If your credit card company sues you, you’ll need to decide if it's worth paying for an attorney to help you. In many cases, it is. An attorney can help you raise any defenses you have, negotiate with the creditor to settle the debt, or simply inform you of your rights and responsibilities in the matter.
Below are some situations where you should consider hiring, or at least consulting with, an attorney if your credit card company files a lawsuit against you.
If you believe you have a defense to the lawsuit, you might need an attorney to help you raise the defense in court. For example, some defenses that could require the assistance of an attorney include:
The statute of limitations has passed. Under state law, a creditor or debt collector only gets a certain amount of time to sue you for an unpaid debt. This is called the statute of limitations. The time limit varies from state to state, but it's generally from three to six years. (Check Nolo’s chart of Statutes of Limitations in All 50 States to find out the statute of limitations in your state or the state designated in the credit card contract’s choice of law section.)
If the statute of limitations has passed, you have to assert this defense by responding to the lawsuit and providing supporting evidence to get the case dismissed. An attorney can help you with this.
You aren’t the person who owes the debt. Credit card companies often sell unpaid debts to a debt collector and that party eventually files the lawsuit. Debt collectors sometimes sue the wrong person. If you have a name that's the same or similar to the person who actually owes the debt, you can raise the defense of mistaken identity.
To do this you’ll need to demand proof from the debt collector that you're the person who owes the debt. This can be tricky and an attorney can assist you in making the debt collector produce the original documents so that you can show that your signature, Social Security number, and other personal information doesn’t match that of the actual debtor.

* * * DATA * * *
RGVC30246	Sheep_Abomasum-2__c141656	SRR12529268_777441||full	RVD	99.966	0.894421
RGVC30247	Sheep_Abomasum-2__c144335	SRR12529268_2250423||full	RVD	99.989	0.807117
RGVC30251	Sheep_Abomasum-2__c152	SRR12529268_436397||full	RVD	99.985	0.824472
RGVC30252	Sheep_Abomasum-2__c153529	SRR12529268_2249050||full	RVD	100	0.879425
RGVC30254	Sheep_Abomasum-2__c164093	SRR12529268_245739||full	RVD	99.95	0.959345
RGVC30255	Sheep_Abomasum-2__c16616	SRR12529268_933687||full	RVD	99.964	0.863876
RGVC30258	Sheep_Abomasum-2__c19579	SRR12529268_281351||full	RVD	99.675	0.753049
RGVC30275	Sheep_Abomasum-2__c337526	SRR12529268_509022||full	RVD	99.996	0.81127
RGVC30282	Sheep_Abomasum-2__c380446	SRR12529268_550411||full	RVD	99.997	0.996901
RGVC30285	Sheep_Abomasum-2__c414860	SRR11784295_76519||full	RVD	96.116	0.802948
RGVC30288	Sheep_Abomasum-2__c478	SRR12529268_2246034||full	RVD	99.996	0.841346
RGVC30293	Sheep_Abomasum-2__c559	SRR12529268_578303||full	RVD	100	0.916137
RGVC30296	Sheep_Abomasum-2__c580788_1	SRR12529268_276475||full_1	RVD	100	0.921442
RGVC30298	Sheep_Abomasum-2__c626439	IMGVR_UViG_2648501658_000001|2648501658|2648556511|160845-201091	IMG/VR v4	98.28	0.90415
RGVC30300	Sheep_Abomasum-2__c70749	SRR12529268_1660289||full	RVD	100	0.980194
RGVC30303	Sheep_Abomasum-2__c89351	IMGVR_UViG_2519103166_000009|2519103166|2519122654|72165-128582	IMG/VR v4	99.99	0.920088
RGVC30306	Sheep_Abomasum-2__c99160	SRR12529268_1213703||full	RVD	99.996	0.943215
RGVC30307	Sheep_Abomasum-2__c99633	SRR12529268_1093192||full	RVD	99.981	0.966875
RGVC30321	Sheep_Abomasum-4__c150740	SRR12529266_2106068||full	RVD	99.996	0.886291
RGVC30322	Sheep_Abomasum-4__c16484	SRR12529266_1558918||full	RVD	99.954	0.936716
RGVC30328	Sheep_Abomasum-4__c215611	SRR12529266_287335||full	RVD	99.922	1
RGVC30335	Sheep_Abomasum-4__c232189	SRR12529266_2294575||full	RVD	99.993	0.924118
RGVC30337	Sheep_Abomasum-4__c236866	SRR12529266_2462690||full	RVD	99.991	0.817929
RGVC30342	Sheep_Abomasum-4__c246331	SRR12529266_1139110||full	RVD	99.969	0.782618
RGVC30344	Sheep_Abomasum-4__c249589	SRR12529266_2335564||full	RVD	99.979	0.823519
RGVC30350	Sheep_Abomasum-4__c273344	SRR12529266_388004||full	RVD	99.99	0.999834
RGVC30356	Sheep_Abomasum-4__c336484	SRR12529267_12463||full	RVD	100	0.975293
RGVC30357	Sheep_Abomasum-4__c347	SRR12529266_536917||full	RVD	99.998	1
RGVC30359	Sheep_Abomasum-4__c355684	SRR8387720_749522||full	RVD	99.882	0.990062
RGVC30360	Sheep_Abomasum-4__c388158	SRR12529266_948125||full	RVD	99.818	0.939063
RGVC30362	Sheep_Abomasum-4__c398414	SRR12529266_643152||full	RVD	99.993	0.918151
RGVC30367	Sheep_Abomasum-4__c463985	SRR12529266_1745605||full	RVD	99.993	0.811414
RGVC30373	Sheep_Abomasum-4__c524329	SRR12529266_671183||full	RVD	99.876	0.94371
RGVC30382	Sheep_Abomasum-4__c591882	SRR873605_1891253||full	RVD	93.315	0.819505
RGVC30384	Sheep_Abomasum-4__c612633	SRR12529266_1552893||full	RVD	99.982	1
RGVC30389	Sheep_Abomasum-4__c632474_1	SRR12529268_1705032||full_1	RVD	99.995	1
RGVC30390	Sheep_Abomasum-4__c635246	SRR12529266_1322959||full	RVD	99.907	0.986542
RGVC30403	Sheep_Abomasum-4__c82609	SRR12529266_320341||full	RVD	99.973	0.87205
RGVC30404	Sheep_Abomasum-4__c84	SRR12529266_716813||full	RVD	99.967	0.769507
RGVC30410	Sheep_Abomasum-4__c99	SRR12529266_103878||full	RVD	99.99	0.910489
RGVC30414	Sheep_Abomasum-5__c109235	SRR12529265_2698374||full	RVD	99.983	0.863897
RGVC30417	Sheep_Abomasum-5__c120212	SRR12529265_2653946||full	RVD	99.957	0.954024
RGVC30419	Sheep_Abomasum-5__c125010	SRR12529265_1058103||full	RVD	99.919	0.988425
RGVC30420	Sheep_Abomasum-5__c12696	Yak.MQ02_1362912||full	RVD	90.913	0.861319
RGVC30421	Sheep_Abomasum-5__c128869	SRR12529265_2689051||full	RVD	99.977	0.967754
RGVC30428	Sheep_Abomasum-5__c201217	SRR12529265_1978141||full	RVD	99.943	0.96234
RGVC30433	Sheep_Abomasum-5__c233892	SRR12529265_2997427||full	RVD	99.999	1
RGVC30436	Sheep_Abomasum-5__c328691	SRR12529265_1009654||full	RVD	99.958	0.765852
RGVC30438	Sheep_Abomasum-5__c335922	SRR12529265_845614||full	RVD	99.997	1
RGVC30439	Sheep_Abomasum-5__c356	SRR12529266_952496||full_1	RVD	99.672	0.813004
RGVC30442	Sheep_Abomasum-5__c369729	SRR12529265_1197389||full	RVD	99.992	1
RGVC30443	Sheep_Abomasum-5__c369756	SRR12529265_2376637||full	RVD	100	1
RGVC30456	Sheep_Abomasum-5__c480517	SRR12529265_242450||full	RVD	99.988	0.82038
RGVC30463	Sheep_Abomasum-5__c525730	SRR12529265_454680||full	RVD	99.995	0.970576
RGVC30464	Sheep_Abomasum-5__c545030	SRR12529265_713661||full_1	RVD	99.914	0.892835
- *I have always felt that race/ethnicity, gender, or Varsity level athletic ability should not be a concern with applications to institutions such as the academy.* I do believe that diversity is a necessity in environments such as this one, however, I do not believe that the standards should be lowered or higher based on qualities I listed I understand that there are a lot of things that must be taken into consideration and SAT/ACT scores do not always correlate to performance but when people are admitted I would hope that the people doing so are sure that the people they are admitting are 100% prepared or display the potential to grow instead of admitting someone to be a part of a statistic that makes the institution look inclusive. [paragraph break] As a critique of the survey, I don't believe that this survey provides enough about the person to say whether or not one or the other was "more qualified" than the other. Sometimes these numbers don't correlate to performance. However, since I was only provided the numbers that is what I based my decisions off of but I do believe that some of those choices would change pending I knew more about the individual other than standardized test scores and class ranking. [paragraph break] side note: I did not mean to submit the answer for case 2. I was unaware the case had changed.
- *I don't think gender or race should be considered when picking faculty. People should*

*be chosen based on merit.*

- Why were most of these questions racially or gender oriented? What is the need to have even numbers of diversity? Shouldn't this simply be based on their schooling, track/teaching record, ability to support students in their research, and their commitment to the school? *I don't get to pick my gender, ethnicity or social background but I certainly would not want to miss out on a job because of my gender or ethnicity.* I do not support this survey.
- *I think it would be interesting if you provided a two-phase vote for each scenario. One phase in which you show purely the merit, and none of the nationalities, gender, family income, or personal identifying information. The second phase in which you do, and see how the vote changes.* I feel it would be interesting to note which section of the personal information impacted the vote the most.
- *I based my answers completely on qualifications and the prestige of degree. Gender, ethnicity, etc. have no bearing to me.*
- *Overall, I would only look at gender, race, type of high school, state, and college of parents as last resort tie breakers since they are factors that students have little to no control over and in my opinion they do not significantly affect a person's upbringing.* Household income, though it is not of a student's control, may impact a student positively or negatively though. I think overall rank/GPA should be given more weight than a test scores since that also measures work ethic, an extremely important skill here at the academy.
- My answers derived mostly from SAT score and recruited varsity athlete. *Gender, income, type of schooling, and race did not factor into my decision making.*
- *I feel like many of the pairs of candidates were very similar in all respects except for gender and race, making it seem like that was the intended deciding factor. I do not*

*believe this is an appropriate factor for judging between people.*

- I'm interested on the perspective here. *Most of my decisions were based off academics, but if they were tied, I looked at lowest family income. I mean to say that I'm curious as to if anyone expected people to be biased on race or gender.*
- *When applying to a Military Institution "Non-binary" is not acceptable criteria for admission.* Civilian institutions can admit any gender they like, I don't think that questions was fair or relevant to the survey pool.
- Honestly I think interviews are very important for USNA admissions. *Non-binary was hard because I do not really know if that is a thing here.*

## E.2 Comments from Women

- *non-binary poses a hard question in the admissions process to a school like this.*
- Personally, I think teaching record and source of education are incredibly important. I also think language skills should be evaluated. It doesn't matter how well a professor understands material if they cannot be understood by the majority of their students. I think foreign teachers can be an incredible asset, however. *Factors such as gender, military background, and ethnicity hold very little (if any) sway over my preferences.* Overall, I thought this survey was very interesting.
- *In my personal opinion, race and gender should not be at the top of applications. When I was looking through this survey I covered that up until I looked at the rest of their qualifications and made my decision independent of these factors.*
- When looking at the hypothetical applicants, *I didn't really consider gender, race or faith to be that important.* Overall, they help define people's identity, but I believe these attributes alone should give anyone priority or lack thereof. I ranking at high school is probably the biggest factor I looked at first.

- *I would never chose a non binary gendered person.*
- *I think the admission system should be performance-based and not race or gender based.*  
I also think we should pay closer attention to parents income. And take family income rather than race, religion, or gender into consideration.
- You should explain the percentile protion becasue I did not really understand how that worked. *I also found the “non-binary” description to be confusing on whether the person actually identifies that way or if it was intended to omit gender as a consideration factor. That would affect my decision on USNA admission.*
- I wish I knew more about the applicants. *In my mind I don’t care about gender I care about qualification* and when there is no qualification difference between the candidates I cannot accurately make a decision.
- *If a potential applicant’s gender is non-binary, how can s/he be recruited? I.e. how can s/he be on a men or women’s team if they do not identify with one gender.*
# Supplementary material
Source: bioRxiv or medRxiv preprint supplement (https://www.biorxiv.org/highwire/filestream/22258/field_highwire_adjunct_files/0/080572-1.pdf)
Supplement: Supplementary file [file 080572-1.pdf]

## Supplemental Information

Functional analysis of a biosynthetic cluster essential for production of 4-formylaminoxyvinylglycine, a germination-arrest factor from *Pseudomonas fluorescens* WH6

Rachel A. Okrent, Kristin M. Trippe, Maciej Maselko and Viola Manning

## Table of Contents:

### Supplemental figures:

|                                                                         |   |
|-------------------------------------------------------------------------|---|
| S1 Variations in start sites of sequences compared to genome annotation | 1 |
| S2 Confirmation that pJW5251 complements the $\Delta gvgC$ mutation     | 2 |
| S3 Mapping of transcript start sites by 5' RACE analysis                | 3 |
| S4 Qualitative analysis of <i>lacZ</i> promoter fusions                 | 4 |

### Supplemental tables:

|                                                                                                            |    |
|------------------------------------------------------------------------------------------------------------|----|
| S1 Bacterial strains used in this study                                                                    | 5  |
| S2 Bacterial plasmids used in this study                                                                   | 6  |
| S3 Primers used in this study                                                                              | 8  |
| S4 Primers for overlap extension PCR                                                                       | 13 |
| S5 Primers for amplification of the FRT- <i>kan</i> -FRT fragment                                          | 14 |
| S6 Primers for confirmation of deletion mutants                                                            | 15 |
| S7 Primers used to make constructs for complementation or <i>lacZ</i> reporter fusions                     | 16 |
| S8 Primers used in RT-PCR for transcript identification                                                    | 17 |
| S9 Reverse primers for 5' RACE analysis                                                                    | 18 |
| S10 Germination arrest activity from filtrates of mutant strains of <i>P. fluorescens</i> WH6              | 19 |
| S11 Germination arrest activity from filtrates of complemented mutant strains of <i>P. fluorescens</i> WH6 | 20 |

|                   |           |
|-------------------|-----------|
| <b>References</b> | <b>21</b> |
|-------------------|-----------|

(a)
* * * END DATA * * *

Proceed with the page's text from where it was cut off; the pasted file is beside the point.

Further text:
The party suing you can’t prove it owns the debt. If the party that files the lawsuit isn't the original creditor, it must prove it owns the debt. This means that it must include appropriate documentation in its lawsuit showing that it bought your debt from the original creditor, or from another entity that purchased the debt from the original creditor. Otherwise you may be able assert lack of standing—meaning, the party suing you doesn't have the right to collect the debt—as a defense. An attorney can help you figure out if this defense is available in your situation.
An attorney might also be able to spot potential defenses that you haven’t considered. (Learn more about different defenses in Defenses to Credit Card Debt Lawsuits.)
Even if you think you don’t have a defense to the suit, you might want to consult with an attorney to help you understand what you’re facing and explain what could happen if you lose the suit.
For example, if you don’t respond to the suit, the court generally will enter a judgment against you for the amount the creditor claims you owe. Then the creditor can get this amount from you by doing such things as garnishing your wages or directing your bank to turn over funds from your account to pay the debt. An attorney can explain the specifics about what can happen in your situation.
You might want to try to negotiate a settlement of the debt—like by paying less than you owe in one lump sum—but dealing with a creditor or debt collector can be frustrating and time consuming. An attorney can negotiate with the creditor or debt collector on your behalf to reduce the amount you owe and settle the suit. (Learn how much it might cost to use a lawyer to negotiate with your creditors. If you want to negotiate a settlement on your own, get tips on how to work out a deal with a collector in Negotiating With Collectors on Unsecured Debts.)
If you're unsure of what to say to a creditor or debt collector, you could inadvertently hurt your situation. For example, if the statute of limitations has passed, you could restart it by saying or signing something that acknowledges that the debt is valid (like agreeing that you owe the money). You could also revive the statute of limitations if you make a payment on the old debt.
An attorney can advise you about what you should and should not say (or do) in regards to an old debt. And, if you decide to hire the attorney to represent you in the matter, the attorney can deal with all communication to and from the creditor or debt collector.
If you can’t afford an attorney, you might be able to get low-cost or free help from a legal aid program or clinic that provides legal assistance to low-income individuals and families. You can find a list of various legal aid programs on the Legal Service Corporation's website.
If you don't qualify for legal services help and can't afford to hire an attorney to represent you throughout the entire suit, it might be worth paying an attorney for an hour of legal advice. For example, the attorney might be able to confirm that you don't have any good defenses, provide tips on negotiating with the credit card company, and discuss other options you could have.